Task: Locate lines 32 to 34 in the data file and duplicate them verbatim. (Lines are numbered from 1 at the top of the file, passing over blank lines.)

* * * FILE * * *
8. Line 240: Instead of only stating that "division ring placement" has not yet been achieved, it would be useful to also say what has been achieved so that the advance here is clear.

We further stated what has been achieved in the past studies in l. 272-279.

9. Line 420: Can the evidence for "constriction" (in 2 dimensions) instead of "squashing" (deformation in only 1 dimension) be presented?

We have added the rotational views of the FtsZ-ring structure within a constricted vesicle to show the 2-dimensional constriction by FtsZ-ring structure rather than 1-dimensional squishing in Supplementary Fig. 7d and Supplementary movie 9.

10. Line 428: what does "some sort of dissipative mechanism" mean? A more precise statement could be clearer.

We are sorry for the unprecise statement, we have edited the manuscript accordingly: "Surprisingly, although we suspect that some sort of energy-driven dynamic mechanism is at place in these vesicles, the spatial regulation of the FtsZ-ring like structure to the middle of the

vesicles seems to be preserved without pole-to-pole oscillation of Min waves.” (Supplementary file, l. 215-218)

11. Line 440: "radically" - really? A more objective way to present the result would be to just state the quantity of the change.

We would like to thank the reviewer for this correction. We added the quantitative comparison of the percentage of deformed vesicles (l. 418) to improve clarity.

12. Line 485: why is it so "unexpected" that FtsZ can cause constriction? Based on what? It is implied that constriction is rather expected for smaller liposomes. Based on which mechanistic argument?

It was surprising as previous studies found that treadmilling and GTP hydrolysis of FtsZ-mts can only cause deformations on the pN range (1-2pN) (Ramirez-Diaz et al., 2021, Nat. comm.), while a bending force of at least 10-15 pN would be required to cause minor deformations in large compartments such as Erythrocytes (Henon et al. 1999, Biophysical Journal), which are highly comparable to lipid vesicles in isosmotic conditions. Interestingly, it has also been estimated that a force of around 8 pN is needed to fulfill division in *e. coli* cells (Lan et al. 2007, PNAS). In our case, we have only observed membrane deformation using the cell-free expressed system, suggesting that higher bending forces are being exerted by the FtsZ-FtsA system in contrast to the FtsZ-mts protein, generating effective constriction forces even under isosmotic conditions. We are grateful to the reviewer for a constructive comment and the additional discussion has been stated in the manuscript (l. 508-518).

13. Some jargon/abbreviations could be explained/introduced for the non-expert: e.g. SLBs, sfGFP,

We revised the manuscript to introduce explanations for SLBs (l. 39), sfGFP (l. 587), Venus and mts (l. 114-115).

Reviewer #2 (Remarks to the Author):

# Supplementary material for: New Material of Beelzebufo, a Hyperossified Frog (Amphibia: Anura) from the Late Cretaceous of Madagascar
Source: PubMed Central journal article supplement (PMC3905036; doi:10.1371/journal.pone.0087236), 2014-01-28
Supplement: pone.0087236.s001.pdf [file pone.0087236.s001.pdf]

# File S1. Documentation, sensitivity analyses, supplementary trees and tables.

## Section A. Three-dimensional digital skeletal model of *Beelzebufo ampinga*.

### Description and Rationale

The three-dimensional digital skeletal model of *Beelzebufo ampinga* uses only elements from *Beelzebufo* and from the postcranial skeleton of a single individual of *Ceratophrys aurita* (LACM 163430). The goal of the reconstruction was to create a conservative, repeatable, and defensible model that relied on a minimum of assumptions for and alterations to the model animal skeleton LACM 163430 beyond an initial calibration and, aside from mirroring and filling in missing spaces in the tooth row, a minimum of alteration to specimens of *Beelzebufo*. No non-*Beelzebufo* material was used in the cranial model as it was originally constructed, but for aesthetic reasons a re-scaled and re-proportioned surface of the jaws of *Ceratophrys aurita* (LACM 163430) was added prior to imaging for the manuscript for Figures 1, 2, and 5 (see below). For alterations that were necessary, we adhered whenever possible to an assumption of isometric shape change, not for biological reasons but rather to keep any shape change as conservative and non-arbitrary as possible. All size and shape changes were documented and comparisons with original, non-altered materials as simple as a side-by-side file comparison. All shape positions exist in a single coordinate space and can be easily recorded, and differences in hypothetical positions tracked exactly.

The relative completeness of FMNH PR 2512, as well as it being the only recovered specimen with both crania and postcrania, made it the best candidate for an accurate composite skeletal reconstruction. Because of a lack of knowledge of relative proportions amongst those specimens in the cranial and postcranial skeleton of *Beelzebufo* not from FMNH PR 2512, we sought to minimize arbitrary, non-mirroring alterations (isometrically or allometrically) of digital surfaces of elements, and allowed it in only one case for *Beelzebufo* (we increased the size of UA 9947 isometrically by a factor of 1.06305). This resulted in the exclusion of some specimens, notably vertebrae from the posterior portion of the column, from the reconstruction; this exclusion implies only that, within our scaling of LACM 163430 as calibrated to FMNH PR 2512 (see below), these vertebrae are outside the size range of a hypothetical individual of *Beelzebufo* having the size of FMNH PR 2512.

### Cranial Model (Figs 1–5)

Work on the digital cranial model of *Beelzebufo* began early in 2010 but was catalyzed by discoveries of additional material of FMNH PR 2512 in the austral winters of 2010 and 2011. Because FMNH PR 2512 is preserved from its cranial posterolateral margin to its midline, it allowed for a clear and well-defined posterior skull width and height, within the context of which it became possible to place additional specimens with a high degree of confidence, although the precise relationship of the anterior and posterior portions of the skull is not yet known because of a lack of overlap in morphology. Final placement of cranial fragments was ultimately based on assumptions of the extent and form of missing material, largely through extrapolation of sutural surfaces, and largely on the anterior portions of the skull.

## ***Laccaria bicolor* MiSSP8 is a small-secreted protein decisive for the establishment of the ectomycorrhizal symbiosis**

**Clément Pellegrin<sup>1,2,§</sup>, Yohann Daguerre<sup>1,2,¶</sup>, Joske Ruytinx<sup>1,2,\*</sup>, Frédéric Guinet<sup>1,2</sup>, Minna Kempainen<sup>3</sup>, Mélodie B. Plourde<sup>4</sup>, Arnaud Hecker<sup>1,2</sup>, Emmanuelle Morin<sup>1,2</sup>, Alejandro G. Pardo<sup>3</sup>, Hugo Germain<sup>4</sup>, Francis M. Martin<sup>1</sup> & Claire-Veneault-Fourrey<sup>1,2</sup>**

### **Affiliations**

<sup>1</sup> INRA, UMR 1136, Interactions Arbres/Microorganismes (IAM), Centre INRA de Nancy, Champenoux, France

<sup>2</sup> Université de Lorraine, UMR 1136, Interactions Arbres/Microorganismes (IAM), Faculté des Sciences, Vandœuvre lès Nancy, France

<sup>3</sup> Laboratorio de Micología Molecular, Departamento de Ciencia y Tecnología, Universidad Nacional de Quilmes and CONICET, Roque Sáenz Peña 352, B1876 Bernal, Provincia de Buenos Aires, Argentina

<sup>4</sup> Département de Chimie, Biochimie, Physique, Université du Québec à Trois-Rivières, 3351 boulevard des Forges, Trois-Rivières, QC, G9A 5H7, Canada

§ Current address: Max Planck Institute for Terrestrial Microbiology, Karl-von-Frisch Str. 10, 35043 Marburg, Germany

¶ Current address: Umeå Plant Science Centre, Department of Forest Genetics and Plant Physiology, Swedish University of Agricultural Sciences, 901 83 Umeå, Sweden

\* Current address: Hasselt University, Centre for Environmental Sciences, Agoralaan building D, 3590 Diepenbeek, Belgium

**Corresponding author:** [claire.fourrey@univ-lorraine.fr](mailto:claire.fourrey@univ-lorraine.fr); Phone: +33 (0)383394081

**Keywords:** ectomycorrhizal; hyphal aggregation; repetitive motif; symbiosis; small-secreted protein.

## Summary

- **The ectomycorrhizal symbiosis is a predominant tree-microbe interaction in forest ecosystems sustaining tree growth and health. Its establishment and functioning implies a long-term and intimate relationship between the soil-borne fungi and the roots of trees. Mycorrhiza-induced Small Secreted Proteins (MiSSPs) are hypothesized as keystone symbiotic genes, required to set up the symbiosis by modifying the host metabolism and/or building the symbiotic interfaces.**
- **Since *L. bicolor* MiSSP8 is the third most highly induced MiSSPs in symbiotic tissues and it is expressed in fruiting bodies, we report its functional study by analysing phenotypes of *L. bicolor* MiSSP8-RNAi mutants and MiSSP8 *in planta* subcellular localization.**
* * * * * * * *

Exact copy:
§ Current address: Max Planck Institute for Terrestrial Microbiology, Karl-von-Frisch Str. 10, 35043 Marburg, Germany

¶ Current address: Umeå Plant Science Centre, Department of Forest Genetics and Plant Physiology, Swedish University of Agricultural Sciences, 901 83 Umeå, Sweden

\* Current address: Hasselt University, Centre for Environmental Sciences, Agoralaan building D, 3590 Diepenbeek, Belgium